Many areas of the country are now providing incentives and rebates to assist consumers who want to make the switch to electric bikes. The benefits include a reduced level of emissions, noise pollution, traffic congestion, and the added health benefits associated with an active lifestyle. We recently had the opportunity to interview Cameron Bennett who plays an integral role in maintaining the E-Bike Incentive Programs of North America Tracker out of the Transportation Research and Education Center (TREC) at Portland State University.
JupiterBike: Thank you for taking the time to speak with us today, Cameron. We appreciate the work you and your colleagues have put into the E-Bike Incentive Program of North America Tracker and the other academic research you have produced as part of the Transportation Resource and Education Center at Portland State University. Can you tell us a little more about your role?
CB: I took on the project with the Transportation Resource and Education Center as part of my advanced degree here. I’ve been on the project for a little bit over a year now and have had a really great time including putting together the white paper you mentioned and the Incentive Tracker and am very excited to be working on the next step which is the stated preference survey that we are looking at.
JupiterBike: Cameron, can you explain what the genesis was for this project? How did it come to light and what were some of the reasons you needed to put this data together?
CB: So, I came to the project after the proposal phase so what I will say here is a little bit of conjecture on my part. But, from my understanding, the leader of this project that I’m working for here, John MacArthur (Sustainable Transportation Program Manager at TREC) identified that these incentive programs were, shall we say, coming into fashion for a lot of local and state level policy makers as well as at the federal level. We did see a bill matriculate around congress last year and ultimately fall out of the Build Back Better bill. But there was a recognition that e-bike incentives were here to stay and that they were a growing part of the legal picture as far as e-bikes are concerned. So, there was some desire to gain some further understanding of what works and what doesn’t when you are designing a program.
So, the first phase of this project was really just to take a hard look at what is out there and gain an understanding of what is working from anecdotal evidence and especially from the handful of programs that we could pull good information from. The second phase of the project is looking at stated preference surveys. Asking people how much money they need to change their minds to buy a bike, and then using that to infer program design details.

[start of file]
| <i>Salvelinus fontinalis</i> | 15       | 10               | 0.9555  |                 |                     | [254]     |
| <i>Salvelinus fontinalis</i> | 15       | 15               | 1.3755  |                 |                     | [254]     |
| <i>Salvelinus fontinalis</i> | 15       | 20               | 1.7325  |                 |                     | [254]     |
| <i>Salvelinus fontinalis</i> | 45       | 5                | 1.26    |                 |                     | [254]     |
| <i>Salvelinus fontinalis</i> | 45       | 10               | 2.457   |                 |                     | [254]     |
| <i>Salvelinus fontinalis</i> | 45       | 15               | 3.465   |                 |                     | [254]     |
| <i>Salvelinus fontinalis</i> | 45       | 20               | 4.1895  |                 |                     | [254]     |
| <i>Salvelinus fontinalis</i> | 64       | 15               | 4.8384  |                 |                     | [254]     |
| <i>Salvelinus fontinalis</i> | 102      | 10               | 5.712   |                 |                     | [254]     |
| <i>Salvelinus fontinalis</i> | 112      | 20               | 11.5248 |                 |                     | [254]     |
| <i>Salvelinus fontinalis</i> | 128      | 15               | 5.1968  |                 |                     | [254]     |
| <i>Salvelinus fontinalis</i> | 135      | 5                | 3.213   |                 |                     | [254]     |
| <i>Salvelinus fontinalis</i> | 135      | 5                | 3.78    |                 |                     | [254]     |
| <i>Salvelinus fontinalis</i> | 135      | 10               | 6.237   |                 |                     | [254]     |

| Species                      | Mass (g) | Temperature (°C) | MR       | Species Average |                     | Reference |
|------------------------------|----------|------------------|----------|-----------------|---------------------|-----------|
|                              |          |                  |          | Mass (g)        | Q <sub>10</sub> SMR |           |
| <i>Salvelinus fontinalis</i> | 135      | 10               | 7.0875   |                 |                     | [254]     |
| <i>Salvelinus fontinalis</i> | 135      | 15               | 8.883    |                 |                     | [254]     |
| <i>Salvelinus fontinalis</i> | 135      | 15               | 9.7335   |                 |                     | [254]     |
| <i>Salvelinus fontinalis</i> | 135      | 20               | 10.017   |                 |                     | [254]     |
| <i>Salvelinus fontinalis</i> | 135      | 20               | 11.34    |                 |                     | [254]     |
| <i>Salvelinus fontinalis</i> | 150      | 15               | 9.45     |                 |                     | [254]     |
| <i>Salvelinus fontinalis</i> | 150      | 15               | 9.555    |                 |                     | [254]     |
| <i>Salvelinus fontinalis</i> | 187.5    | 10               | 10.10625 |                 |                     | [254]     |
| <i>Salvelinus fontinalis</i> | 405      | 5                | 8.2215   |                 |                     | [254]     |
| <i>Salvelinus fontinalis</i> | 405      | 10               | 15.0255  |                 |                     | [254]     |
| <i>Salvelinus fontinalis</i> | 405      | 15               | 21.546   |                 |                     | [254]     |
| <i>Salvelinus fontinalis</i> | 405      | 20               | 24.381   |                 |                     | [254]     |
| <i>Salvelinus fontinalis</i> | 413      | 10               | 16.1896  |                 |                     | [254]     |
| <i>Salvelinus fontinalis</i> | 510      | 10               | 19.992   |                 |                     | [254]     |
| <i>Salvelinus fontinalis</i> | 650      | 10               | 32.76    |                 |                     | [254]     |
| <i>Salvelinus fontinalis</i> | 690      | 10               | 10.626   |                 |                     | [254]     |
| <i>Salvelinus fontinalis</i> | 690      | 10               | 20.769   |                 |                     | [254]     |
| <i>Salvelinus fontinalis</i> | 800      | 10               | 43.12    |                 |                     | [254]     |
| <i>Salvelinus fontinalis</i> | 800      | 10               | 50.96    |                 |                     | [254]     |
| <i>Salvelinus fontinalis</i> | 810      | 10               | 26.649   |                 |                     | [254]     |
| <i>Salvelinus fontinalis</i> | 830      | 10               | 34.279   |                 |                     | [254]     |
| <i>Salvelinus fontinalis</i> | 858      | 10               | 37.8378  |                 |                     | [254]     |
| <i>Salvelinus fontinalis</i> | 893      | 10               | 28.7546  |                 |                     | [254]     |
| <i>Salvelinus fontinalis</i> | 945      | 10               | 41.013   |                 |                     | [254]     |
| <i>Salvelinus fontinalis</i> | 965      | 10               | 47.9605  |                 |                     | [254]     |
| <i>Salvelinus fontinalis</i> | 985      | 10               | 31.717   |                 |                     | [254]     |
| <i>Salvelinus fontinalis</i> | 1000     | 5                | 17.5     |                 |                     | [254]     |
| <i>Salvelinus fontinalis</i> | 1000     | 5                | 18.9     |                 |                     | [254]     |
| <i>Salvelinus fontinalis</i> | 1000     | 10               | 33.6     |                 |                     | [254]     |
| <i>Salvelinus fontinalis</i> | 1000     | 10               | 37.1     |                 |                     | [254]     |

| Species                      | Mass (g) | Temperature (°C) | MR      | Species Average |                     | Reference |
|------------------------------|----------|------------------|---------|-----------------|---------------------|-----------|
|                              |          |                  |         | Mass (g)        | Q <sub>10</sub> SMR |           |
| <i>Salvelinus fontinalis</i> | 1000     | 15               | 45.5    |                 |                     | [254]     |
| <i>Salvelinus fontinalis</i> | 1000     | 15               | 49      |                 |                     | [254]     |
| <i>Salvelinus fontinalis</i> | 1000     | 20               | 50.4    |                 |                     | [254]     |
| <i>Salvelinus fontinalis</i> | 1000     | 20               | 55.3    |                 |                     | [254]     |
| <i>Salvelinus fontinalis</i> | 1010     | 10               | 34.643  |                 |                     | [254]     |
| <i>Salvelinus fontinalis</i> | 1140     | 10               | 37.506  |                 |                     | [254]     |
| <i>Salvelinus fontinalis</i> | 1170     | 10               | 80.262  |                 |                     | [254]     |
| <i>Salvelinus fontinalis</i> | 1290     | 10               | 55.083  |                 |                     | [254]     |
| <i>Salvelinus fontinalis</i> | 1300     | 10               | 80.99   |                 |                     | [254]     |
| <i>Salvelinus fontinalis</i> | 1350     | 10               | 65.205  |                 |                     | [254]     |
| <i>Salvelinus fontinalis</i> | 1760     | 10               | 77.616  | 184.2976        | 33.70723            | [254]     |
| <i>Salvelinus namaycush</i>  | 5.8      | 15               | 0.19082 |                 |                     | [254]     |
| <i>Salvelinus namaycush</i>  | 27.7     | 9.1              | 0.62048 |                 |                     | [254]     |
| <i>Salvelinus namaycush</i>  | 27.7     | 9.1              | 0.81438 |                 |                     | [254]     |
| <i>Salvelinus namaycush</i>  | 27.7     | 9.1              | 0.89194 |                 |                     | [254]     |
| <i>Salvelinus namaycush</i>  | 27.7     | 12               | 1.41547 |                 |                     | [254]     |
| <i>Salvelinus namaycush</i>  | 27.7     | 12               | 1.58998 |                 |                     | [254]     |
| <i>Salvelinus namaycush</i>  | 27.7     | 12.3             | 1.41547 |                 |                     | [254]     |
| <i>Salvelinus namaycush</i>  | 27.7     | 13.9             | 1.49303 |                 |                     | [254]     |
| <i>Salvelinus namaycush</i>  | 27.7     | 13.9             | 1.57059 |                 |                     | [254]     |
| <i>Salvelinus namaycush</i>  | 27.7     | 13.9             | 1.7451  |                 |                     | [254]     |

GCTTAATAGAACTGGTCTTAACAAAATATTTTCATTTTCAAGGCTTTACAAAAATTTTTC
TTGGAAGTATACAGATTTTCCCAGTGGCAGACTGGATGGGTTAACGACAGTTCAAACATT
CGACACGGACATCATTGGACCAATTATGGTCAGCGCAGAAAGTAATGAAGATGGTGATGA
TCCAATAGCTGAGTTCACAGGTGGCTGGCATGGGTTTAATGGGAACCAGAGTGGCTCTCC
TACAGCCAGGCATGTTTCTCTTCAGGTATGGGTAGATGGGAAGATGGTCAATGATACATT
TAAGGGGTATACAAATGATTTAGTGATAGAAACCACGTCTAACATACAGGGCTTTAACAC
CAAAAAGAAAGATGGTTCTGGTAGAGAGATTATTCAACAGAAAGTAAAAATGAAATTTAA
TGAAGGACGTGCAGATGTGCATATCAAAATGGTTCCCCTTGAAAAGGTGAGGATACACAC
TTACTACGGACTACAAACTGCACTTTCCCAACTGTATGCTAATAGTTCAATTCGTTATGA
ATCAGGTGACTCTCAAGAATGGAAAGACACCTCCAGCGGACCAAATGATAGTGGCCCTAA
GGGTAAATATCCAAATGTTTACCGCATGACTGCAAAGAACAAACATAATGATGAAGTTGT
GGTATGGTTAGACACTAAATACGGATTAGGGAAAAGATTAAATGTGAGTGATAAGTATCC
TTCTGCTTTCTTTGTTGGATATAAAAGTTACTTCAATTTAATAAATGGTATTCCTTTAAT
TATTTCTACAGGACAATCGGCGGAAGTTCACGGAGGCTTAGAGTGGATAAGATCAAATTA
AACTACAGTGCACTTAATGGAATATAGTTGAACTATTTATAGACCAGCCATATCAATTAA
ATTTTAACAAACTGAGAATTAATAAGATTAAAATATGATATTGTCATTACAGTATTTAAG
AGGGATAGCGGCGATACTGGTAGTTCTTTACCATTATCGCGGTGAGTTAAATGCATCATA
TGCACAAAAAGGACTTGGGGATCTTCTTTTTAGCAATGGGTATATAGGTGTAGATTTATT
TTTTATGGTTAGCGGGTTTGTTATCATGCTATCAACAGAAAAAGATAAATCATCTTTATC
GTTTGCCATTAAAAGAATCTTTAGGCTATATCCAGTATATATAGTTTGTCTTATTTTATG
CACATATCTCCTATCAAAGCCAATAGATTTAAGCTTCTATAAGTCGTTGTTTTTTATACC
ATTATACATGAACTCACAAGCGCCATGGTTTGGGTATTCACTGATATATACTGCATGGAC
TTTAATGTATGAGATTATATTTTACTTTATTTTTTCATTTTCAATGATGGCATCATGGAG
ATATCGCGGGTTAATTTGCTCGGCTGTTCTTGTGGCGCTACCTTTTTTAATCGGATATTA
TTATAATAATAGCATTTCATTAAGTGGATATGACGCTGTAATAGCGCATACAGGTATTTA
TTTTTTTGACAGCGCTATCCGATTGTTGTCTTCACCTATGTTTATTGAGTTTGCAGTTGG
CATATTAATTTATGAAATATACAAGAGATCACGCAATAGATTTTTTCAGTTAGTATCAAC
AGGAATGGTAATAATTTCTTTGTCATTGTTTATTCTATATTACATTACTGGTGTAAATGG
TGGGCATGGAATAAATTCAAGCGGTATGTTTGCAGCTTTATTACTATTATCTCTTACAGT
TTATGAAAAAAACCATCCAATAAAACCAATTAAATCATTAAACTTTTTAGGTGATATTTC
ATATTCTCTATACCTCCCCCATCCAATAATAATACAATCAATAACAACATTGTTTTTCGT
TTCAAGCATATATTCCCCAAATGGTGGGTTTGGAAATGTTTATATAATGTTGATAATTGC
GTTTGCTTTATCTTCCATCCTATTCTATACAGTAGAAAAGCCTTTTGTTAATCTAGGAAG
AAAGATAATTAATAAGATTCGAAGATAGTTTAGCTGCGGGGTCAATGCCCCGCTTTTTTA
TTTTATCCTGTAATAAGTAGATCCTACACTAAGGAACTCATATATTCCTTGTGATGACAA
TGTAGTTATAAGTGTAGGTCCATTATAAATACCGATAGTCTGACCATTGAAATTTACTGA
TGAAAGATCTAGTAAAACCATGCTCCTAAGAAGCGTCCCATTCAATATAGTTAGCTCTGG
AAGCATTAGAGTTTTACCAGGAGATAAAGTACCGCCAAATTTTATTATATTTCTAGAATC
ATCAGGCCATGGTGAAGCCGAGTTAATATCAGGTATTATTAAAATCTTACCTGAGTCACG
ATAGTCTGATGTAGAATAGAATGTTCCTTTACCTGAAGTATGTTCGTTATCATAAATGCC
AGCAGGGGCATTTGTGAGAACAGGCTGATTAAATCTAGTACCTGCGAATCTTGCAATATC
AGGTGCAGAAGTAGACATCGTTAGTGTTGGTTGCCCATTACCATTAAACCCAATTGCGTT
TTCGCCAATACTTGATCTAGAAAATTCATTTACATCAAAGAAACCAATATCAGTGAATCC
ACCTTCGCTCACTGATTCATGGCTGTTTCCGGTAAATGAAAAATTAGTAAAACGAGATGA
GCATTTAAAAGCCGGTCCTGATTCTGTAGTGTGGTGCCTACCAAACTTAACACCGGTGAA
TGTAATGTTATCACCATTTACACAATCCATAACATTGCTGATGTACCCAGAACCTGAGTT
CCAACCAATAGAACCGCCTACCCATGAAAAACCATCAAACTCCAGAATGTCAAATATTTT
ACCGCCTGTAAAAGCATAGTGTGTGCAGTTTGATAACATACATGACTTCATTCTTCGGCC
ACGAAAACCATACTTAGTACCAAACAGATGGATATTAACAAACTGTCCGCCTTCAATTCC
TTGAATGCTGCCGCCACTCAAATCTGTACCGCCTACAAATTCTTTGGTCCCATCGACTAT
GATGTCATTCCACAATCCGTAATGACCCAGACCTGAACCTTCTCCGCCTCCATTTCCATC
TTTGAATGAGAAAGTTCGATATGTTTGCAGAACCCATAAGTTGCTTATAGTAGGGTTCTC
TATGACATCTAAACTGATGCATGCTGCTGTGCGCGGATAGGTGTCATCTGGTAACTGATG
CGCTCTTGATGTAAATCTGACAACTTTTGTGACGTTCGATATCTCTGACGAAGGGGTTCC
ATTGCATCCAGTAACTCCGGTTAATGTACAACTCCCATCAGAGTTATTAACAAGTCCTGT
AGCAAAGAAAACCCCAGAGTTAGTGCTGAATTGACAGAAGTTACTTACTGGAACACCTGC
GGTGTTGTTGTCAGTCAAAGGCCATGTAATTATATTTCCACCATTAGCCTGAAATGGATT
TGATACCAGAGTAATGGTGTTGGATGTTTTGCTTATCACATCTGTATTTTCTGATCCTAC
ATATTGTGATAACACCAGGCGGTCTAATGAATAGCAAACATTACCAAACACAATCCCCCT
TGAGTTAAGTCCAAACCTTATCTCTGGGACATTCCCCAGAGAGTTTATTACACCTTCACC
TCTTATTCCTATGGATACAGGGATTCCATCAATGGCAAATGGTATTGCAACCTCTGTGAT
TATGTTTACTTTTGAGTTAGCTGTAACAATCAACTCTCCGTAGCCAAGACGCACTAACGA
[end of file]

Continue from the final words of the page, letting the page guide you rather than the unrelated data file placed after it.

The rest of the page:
JupiterBike: Can you address why this is attractive to the state of Oregon, or the city of Austin, or the other communities that seem to be ahead of the curve with an understanding what the future could look like when it comes to transportation?
CB: Absolutely, sure. So, if I am, let’s say, a City Manager or a Mayor then I am looking at the bottom line, primarily. I need to understand how to balance my budget year to year. Vehicles are just an expensive thing to maintain. There’s a whole lot of money that goes into the vehicle eco-system that is not necessarily paid for by drivers. So, there’s a great incentive for cities from a financial level to encourage people to switch out of their cars for as many trips as they can. E-bikes are being recognized as something that is especially powerful in making that switch just because they take away some of the physical barriers to being able to ride a bike and they also allow a bike to do more things than it may have otherwise.
So, having that electric assist allows you to load kids onto a cargo bike and pedal them around getting them from place to place a whole lot easier than you may have been able to do without that electric motor there to help you.
For cities, there’s additional benefits, of course, from meeting their environmental goals or some of their transportation equity goals by providing this low carb and low-cost form of transportation to their constituents. And we saw some of the early incentive programs explicitly priced their incentive based off the expected carbon reductions through the lifetime of the e-bike. Burlington, Vermont, for example figured that over the lifetime of the e-bike, it would save the power district about $300 in carbon emissions tax for folks to pick up that bike and they passed on 2/3 of that savings to their constituents by giving a $200 incentive.
So, there are ways that you can explicitly go about pricing these incentives to factor in those benefits in real time while understanding the system more holistically. And this is why we are seeing larger incentive values today because I think people understand that these benefits of the e-bikes are a bit more multi-faceted so you might as well roll them into a larger package.